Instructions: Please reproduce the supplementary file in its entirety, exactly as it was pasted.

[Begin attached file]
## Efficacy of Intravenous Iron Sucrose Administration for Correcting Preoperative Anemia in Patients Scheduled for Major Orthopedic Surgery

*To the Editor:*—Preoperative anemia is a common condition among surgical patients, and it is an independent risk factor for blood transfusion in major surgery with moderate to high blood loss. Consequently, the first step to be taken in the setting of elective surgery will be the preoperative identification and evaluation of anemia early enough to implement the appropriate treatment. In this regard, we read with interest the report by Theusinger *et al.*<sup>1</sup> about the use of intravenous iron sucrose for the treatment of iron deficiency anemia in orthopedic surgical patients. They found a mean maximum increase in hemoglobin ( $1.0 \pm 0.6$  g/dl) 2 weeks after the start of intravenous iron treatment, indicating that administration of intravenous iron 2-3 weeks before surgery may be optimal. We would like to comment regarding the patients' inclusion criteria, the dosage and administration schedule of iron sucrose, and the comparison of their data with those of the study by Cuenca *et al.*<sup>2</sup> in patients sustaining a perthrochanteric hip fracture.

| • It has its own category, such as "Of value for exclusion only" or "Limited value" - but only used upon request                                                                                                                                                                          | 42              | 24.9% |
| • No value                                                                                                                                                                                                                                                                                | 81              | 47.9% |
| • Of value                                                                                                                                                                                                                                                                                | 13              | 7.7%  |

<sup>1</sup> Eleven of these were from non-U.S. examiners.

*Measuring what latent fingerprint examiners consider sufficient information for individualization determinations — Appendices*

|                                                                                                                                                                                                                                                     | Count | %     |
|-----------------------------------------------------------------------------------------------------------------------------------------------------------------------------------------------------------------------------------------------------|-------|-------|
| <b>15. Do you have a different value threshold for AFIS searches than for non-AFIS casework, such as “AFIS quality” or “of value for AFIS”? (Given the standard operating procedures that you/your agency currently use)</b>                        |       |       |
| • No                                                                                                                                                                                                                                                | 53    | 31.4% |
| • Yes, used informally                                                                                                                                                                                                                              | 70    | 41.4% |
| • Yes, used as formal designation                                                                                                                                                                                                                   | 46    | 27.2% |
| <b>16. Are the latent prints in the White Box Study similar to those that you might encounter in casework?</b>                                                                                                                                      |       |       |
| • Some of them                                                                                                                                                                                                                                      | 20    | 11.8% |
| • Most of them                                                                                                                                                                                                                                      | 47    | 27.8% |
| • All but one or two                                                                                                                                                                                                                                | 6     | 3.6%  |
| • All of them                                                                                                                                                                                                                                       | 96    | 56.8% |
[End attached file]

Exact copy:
## Efficacy of Intravenous Iron Sucrose Administration for Correcting Preoperative Anemia in Patients Scheduled for Major Orthopedic Surgery

*To the Editor:*—Preoperative anemia is a common condition among surgical patients, and it is an independent risk factor for blood transfusion in major surgery with moderate to high blood loss. Consequently, the first step to be taken in the setting of elective surgery will be the preoperative identification and evaluation of anemia early enough to implement the appropriate treatment. In this regard, we read with interest the report by Theusinger *et al.*<sup>1</sup> about the use of intravenous iron sucrose for the treatment of iron deficiency anemia in orthopedic surgical patients. They found a mean maximum increase in hemoglobin ( $1.0 \pm 0.6$  g/dl) 2 weeks after the start of intravenous iron treatment, indicating that administration of intravenous iron 2-3 weeks before surgery may be optimal. We would like to comment regarding the patients' inclusion criteria, the dosage and administration schedule of iron sucrose, and the comparison of their data with those of the study by Cuenca *et al.*<sup>2</sup> in patients sustaining a perthrochanteric hip fracture.

| • It has its own category, such as "Of value for exclusion only" or "Limited value" - but only used upon request                                                                                                                                                                          | 42              | 24.9% |
| • No value                                                                                                                                                                                                                                                                                | 81              | 47.9% |
| • Of value                                                                                                                                                                                                                                                                                | 13              | 7.7%  |

<sup>1</sup> Eleven of these were from non-U.S. examiners.

*Measuring what latent fingerprint examiners consider sufficient information for individualization determinations — Appendices*

|                                                                                                                                                                                                                                                     | Count | %     |
|-----------------------------------------------------------------------------------------------------------------------------------------------------------------------------------------------------------------------------------------------------|-------|-------|
| <b>15. Do you have a different value threshold for AFIS searches than for non-AFIS casework, such as “AFIS quality” or “of value for AFIS”? (Given the standard operating procedures that you/your agency currently use)</b>                        |       |       |
| • No                                                                                                                                                                                                                                                | 53    | 31.4% |
| • Yes, used informally                                                                                                                                                                                                                              | 70    | 41.4% |
| • Yes, used as formal designation                                                                                                                                                                                                                   | 46    | 27.2% |
| <b>16. Are the latent prints in the White Box Study similar to those that you might encounter in casework?</b>                                                                                                                                      |       |       |
| • Some of them                                                                                                                                                                                                                                      | 20    | 11.8% |
| • Most of them                                                                                                                                                                                                                                      | 47    | 27.8% |
| • All but one or two                                                                                                                                                                                                                                | 6     | 3.6%  |
| • All of them                                                                                                                                                                                                                                       | 96    | 56.8% |